Are Any Shoes Left to Drop in Regional Banks?
Another bank failure is pressuring the banking sector. Here’s what to know.
A spate of regional bank failures is putting pressure on the banking sector and the U.S. economy.
While a “bank run” seems unlikely, regional banks are still vulnerable to other risks and new banking regulations.
Our Global Value Equity Team continues to see investment opportunities in higher-quality banks.
Turmoil in the banking sector emerged two months ago when regulators took over Silicon Valley Bank. Plenty has happened since then, putting the banking world on a rollercoaster ride. Here’s where things stand with regional banks—the lifeblood of the U.S. economy—and what our Global Value Equity Team is considering.
Another bank failure, Federal Reserve rate hikes, still-high inflation and an emerging credit crisis mean that a U.S. recession could be on the horizon.
What Happened Since the First Round of Bank Failures?
Regional banks ended up having decent—as in, better than feared—first-quarter earnings, although forward estimates continued to decline. Some regional bank CEOs have attempted to knock down the narrative about broader risks to the industry.
On May 1, JPMorgan Chase & Co. bought First Republic Bank. JPMorgan CEO Jamie Dimon said the initial phase of the banking crisis was largely over but hinted perhaps another “smaller” bank was at risk.
What Are the Biggest Issues Facing Regional Banks Today?
Deposit flight. This could be due to fears about bank insolvency (like Silicon Valley Bank) or customers moving deposits to higher-yielding vehicles. Data shows that deposits largely stabilized, and the “bank run” phase of the crisis is likely finished. Banks are paying higher rates on deposits, which will pressure net interest margins. We believe higher-quality banks should be able to handle these higher rates and maintain healthy profits.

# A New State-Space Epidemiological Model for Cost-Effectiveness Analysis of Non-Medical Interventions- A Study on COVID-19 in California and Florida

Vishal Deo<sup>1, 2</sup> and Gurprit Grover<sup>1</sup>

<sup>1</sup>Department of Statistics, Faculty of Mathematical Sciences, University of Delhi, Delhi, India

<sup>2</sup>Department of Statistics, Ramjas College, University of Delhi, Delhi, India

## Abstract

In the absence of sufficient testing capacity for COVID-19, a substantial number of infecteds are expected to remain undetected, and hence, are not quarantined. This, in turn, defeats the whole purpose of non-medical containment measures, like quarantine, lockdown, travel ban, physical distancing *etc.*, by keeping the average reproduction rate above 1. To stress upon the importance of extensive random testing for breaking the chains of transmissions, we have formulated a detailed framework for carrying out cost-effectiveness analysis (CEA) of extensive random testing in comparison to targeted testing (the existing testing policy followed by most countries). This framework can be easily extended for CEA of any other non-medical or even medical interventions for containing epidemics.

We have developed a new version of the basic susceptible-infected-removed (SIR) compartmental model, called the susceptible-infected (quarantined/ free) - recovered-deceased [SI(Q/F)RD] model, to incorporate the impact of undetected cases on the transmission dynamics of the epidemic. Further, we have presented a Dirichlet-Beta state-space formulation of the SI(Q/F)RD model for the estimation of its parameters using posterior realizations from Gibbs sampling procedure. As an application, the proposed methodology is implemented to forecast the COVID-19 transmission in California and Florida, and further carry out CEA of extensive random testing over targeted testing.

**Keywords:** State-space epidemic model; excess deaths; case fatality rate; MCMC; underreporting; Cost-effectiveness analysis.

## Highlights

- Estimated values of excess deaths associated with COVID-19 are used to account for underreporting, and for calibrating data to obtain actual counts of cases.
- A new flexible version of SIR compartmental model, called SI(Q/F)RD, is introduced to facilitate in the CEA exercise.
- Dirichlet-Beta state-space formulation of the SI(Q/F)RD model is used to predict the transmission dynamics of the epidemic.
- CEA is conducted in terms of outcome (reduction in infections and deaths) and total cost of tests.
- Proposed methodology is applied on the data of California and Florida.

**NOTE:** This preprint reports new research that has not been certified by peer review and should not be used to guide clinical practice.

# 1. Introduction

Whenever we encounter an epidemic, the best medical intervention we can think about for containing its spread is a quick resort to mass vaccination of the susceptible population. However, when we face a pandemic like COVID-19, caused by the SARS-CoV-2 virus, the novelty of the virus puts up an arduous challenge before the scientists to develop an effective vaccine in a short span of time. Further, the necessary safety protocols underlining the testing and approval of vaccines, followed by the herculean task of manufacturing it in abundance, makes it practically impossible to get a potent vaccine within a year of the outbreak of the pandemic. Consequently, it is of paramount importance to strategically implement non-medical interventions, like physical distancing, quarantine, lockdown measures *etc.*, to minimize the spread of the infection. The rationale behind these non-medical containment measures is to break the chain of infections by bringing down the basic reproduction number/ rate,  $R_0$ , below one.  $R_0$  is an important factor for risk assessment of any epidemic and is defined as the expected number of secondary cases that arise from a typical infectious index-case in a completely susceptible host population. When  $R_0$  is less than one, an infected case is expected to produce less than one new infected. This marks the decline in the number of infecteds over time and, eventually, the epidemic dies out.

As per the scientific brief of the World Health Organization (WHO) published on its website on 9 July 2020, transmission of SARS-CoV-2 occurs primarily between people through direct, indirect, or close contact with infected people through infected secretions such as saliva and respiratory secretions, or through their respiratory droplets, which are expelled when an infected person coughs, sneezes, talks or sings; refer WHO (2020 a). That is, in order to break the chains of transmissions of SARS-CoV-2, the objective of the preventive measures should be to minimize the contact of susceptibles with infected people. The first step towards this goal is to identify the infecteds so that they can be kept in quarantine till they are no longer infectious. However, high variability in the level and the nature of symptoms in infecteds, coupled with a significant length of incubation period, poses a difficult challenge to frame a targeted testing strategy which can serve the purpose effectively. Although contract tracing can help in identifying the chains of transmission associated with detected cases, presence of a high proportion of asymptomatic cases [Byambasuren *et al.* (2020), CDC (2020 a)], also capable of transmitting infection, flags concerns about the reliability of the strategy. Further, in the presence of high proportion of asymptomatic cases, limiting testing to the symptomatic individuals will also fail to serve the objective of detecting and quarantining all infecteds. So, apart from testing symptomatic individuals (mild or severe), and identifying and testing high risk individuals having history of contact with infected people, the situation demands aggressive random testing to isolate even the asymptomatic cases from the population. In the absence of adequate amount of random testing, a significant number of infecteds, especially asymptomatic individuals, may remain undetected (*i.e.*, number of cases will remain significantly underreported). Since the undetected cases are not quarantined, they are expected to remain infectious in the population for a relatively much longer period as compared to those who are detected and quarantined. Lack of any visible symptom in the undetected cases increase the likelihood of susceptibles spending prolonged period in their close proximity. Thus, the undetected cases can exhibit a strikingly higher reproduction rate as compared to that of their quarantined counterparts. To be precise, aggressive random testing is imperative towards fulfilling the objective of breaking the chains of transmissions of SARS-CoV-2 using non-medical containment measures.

Unrealized losses on securities. This remains a concern, but government support via the Bank Term Funding Program (BTFP) should help eliminate the need for banks to sell those securities in times of stress. Also, banks with more diverse deposit bases may be more insulated from risk.
Commercial real estate (CRE) risks. Regional banks hold large amounts of CRE loans, which are viewed as a potential risk in a slowing economy. That’s particularly the case in property sectors like office and strip mall retail. Some geographic regions should fare better than others, and exposure to certain, more stable office subsectors like medical offices may help mitigate risk.
What New Banking Regulations Might Surface?
Scrutiny of smaller banks. Regulators may subject smaller banks to stress testing and liquidity coverage ratios and force them to book unrealized losses. The timing is uncertain, however. Proposals will likely come late in 2023, with potential implementation occurring over the next one to three years.
Deposit insurance requirements. Regulators could expand deposit insurance (Federal Deposit Insurance Corporation, FDIC), either universally or in targeted circumstances. This would require congressional approval, which is uncertain in today’s deadlocked political environment.
Ban on short selling. The Securities and Exchange Commission (SEC) may also move to ban short selling, similar to 2007-08. We are skeptical that the SEC will go down that path as the effectiveness of such a measure is unclear.
What We Are Considering Right Now
We expect banks to tighten lending standards, which could speed up the arrival time for a recession. Currently, we’re looking to higher-quality banks, particularly those with diversified deposit bases, strong capital levels and management teams.
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The opinions expressed are those of American Century Investments (or the portfolio manager) and are no guarantee of the future performance of any American Century Investments' portfolio. This material has been prepared for educational purposes only. It is not intended to provide, and should not be relied upon for, investment, accounting, legal or tax advice.
References to specific securities are for illustrative purposes only, and are not intended as recommendations to purchase or sell securities. Opinions and estimates offered constitute our judgment and, along with other portfolio data, are subject to change without notice.